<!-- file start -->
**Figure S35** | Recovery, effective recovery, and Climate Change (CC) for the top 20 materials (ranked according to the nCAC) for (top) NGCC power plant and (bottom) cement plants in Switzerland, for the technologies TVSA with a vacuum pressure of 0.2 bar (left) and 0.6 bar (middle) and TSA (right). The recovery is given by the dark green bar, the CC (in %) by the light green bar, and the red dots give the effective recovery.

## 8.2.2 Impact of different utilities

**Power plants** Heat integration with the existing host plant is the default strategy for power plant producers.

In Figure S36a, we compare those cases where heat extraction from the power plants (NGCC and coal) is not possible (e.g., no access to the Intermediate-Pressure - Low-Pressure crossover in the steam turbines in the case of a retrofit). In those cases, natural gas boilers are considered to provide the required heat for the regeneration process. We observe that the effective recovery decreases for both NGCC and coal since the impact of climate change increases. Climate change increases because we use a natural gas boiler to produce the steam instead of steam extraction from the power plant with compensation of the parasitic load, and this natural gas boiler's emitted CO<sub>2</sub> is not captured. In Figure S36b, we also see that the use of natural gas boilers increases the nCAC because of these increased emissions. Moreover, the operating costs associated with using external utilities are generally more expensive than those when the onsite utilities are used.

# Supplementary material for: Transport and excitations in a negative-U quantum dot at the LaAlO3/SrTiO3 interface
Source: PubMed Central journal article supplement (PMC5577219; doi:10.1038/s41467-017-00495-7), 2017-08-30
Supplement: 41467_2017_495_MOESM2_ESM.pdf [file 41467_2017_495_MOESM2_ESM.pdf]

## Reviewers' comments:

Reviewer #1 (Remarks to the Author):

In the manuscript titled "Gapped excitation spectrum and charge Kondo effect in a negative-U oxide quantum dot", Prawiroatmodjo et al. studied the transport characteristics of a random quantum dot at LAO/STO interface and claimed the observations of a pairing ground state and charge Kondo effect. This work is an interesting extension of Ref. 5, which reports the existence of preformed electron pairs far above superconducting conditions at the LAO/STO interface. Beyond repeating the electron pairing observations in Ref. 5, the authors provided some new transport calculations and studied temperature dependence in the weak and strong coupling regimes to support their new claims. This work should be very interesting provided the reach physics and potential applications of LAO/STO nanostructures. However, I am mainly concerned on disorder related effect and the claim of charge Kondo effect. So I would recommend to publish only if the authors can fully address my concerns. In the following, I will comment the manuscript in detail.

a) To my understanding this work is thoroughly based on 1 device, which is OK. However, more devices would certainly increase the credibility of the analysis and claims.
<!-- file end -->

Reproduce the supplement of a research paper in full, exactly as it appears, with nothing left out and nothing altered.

**Figure S35** | Recovery, effective recovery, and Climate Change (CC) for the top 20 materials (ranked according to the nCAC) for (top) NGCC power plant and (bottom) cement plants in Switzerland, for the technologies TVSA with a vacuum pressure of 0.2 bar (left) and 0.6 bar (middle) and TSA (right). The recovery is given by the dark green bar, the CC (in %) by the light green bar, and the red dots give the effective recovery.

## 8.2.2 Impact of different utilities

**Power plants** Heat integration with the existing host plant is the default strategy for power plant producers.

In Figure S36a, we compare those cases where heat extraction from the power plants (NGCC and coal) is not possible (e.g., no access to the Intermediate-Pressure - Low-Pressure crossover in the steam turbines in the case of a retrofit). In those cases, natural gas boilers are considered to provide the required heat for the regeneration process. We observe that the effective recovery decreases for both NGCC and coal since the impact of climate change increases. Climate change increases because we use a natural gas boiler to produce the steam instead of steam extraction from the power plant with compensation of the parasitic load, and this natural gas boiler's emitted CO<sub>2</sub> is not captured. In Figure S36b, we also see that the use of natural gas boilers increases the nCAC because of these increased emissions. Moreover, the operating costs associated with using external utilities are generally more expensive than those when the onsite utilities are used.

# Supplementary material for: Transport and excitations in a negative-U quantum dot at the LaAlO3/SrTiO3 interface
Source: PubMed Central journal article supplement (PMC5577219; doi:10.1038/s41467-017-00495-7), 2017-08-30
Supplement: 41467_2017_495_MOESM2_ESM.pdf [file 41467_2017_495_MOESM2_ESM.pdf]

## Reviewers' comments:

Reviewer #1 (Remarks to the Author):

In the manuscript titled "Gapped excitation spectrum and charge Kondo effect in a negative-U oxide quantum dot", Prawiroatmodjo et al. studied the transport characteristics of a random quantum dot at LAO/STO interface and claimed the observations of a pairing ground state and charge Kondo effect. This work is an interesting extension of Ref. 5, which reports the existence of preformed electron pairs far above superconducting conditions at the LAO/STO interface. Beyond repeating the electron pairing observations in Ref. 5, the authors provided some new transport calculations and studied temperature dependence in the weak and strong coupling regimes to support their new claims. This work should be very interesting provided the reach physics and potential applications of LAO/STO nanostructures. However, I am mainly concerned on disorder related effect and the claim of charge Kondo effect. So I would recommend to publish only if the authors can fully address my concerns. In the following, I will comment the manuscript in detail.

a) To my understanding this work is thoroughly based on 1 device, which is OK. However, more devices would certainly increase the credibility of the analysis and claims.